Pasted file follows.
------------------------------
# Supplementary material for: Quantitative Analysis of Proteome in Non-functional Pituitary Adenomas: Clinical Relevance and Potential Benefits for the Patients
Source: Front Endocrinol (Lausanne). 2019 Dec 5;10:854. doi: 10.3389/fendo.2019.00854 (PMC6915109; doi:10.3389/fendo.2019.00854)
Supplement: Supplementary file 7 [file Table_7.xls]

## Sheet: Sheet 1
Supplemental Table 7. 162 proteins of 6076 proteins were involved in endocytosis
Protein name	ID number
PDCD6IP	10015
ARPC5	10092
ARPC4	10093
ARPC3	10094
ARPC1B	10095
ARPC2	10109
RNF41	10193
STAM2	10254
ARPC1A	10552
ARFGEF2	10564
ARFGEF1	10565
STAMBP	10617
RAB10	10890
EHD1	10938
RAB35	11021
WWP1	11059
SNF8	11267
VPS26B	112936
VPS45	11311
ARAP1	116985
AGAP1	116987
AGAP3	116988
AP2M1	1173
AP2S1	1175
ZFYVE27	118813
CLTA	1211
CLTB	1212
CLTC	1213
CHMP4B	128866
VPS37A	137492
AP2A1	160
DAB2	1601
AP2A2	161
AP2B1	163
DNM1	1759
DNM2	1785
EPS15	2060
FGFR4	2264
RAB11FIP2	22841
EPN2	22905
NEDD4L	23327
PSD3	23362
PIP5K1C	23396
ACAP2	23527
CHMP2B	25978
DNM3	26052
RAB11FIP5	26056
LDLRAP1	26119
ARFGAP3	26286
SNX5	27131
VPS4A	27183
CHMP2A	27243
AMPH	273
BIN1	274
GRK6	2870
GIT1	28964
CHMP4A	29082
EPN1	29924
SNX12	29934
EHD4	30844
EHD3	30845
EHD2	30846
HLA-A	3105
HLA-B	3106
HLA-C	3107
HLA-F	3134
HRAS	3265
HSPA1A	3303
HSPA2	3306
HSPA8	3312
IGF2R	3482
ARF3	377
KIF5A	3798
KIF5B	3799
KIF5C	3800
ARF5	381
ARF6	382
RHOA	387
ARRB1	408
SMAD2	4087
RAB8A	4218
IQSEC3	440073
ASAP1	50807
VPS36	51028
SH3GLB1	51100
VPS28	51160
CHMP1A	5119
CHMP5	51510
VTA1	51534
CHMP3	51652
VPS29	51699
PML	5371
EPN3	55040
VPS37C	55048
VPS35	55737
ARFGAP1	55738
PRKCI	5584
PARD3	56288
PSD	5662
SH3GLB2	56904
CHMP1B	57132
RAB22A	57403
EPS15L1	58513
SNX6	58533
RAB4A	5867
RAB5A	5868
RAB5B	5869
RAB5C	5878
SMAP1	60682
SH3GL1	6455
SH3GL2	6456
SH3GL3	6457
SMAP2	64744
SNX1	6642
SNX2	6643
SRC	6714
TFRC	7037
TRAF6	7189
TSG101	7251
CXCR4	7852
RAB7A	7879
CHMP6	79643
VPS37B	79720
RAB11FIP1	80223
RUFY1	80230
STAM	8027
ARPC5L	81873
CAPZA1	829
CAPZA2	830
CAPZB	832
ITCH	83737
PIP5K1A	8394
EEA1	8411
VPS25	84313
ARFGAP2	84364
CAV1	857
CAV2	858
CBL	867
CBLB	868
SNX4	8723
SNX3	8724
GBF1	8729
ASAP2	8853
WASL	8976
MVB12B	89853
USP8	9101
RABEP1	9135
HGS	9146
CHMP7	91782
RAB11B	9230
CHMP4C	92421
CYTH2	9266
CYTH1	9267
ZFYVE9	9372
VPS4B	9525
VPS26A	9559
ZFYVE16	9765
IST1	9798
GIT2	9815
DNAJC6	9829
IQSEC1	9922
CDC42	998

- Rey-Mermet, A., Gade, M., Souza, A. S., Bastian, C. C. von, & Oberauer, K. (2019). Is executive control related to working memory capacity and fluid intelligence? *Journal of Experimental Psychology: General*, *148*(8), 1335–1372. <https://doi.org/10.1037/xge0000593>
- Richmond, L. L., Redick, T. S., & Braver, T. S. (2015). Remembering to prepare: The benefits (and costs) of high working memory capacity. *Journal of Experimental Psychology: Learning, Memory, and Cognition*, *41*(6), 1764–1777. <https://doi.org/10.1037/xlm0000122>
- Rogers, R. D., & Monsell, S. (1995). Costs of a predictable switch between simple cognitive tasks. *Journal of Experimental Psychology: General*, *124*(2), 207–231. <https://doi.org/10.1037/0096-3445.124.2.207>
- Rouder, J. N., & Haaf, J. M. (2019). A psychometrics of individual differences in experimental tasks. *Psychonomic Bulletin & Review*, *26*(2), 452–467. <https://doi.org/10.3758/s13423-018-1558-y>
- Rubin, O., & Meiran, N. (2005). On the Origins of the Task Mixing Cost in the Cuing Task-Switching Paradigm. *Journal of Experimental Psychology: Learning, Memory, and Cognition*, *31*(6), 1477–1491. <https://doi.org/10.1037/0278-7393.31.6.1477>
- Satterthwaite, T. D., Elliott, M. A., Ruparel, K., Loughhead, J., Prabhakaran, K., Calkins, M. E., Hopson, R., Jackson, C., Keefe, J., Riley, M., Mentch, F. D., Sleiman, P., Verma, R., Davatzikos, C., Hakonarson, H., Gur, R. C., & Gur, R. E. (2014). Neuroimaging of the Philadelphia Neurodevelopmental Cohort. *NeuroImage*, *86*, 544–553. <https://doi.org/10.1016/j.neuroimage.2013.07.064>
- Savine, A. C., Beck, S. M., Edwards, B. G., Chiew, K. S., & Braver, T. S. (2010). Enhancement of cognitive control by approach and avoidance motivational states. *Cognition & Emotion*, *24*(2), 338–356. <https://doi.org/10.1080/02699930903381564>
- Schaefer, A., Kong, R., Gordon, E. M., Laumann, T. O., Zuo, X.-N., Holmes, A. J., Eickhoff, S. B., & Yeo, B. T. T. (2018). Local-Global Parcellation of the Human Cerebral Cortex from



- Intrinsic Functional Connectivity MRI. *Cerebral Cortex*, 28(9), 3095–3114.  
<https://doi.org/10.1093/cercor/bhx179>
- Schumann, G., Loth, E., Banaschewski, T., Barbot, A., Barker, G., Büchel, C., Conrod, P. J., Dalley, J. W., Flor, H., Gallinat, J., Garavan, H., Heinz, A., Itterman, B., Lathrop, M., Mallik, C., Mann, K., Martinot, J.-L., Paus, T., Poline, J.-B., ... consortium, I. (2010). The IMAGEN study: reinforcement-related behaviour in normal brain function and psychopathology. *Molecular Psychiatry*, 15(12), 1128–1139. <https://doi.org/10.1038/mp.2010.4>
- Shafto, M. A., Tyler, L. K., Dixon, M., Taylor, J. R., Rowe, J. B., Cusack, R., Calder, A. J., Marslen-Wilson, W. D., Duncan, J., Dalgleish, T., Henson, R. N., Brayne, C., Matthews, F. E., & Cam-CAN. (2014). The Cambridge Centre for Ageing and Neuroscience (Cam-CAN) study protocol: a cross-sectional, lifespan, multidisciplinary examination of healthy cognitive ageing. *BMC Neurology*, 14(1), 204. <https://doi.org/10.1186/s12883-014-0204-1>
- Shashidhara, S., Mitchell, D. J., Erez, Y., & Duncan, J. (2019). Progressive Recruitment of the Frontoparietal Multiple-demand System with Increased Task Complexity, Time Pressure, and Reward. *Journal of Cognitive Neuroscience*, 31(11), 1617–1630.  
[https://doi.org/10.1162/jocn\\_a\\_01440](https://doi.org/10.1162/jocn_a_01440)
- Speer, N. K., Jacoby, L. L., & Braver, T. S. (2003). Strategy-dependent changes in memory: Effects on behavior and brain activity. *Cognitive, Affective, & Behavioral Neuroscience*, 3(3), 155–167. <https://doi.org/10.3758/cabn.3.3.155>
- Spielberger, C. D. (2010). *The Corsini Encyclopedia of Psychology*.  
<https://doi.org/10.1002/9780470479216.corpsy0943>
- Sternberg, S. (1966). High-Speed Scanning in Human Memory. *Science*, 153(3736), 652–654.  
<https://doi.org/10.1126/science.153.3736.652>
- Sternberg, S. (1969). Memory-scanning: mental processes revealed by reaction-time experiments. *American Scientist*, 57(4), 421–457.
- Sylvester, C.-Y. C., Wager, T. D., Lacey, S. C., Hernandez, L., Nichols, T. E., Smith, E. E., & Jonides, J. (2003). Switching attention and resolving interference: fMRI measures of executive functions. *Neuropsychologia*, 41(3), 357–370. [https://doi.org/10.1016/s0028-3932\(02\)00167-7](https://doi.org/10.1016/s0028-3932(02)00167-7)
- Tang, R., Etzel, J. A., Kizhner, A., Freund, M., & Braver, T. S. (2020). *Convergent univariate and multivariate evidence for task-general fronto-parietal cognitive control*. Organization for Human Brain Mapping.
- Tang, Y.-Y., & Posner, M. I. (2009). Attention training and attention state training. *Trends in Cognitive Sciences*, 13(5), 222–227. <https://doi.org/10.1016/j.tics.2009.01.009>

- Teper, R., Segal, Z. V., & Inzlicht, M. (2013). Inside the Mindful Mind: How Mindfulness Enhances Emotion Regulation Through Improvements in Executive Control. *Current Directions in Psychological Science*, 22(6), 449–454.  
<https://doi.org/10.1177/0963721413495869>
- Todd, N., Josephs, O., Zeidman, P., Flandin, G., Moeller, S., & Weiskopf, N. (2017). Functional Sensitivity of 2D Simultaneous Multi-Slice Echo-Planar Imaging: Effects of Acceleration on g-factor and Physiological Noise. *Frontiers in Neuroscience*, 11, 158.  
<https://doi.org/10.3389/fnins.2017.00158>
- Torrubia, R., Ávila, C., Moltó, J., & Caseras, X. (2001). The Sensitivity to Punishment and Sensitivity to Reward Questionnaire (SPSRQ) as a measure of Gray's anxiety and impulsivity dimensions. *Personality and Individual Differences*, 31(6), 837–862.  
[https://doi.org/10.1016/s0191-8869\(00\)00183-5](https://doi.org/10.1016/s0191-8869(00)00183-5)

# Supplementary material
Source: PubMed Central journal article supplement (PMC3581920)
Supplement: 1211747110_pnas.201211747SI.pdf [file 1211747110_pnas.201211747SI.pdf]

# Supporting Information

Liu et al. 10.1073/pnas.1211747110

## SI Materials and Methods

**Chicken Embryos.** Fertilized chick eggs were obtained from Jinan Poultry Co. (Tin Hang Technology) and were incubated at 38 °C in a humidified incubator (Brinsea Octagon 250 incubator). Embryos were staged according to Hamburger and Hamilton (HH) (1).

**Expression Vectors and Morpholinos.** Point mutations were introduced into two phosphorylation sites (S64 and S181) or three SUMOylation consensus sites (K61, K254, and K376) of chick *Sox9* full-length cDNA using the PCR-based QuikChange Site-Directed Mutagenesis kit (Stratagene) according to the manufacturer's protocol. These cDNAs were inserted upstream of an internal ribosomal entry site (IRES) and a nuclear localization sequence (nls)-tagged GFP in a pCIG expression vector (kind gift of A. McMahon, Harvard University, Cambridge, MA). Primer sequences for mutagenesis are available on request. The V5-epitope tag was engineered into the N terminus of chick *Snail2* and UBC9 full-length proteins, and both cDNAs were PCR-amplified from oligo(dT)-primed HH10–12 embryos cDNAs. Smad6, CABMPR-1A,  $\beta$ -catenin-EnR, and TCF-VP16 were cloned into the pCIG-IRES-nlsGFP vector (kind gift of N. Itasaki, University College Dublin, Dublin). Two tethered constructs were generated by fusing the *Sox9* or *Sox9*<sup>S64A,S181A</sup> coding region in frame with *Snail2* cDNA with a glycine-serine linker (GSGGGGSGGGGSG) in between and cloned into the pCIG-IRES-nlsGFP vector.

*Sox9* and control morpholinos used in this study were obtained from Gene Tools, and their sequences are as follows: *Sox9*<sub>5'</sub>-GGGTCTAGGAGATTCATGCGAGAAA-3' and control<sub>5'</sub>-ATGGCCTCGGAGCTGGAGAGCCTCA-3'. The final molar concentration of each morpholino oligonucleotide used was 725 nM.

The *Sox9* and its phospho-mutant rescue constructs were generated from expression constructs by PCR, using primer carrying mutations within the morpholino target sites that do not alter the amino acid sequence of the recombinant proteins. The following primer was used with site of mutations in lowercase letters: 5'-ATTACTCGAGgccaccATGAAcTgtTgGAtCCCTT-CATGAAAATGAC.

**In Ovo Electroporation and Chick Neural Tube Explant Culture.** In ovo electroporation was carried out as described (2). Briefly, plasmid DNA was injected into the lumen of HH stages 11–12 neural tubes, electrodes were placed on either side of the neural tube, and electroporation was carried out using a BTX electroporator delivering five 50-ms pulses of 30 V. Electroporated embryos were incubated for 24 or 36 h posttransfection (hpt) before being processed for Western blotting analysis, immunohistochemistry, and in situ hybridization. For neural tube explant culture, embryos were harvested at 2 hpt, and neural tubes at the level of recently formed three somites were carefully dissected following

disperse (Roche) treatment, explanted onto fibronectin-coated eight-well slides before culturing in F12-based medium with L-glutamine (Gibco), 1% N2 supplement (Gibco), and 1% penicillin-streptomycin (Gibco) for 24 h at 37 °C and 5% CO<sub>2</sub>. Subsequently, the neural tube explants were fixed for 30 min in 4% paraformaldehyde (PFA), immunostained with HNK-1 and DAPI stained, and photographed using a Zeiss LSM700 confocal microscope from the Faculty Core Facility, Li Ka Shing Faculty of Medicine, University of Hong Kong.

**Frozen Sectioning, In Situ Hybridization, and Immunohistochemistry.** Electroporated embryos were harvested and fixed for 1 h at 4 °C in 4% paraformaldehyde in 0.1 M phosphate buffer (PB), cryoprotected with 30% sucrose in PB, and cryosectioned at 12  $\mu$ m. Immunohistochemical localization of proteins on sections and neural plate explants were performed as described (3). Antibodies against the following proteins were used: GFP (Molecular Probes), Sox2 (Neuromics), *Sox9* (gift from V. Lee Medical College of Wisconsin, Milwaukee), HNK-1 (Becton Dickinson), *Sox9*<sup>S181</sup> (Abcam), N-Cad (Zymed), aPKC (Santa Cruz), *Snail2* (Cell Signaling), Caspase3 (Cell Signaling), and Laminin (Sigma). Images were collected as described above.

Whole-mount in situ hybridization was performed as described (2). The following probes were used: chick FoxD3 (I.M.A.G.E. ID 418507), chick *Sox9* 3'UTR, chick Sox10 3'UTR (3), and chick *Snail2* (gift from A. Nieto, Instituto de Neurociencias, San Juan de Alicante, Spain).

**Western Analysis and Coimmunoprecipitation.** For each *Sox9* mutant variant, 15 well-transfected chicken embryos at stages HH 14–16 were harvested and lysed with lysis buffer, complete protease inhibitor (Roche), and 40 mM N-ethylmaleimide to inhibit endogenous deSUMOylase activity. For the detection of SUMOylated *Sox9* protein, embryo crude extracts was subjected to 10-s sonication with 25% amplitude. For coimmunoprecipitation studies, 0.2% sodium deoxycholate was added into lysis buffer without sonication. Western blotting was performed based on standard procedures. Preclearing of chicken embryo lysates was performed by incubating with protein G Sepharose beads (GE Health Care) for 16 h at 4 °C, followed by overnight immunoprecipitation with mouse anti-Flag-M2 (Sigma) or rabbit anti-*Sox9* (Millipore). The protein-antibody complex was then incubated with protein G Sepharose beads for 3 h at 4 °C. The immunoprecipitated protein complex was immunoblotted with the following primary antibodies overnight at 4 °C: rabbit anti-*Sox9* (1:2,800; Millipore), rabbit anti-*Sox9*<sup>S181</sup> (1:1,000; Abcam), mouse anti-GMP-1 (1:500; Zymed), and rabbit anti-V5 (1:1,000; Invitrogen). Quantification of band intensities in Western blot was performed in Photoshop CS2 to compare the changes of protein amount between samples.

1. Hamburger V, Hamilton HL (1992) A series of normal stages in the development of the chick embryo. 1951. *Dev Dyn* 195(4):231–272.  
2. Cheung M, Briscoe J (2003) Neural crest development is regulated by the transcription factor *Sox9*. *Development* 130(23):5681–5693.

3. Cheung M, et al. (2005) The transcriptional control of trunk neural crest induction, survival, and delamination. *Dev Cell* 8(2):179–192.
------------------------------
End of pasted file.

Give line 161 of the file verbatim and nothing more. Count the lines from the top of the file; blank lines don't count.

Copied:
VPS4B	9525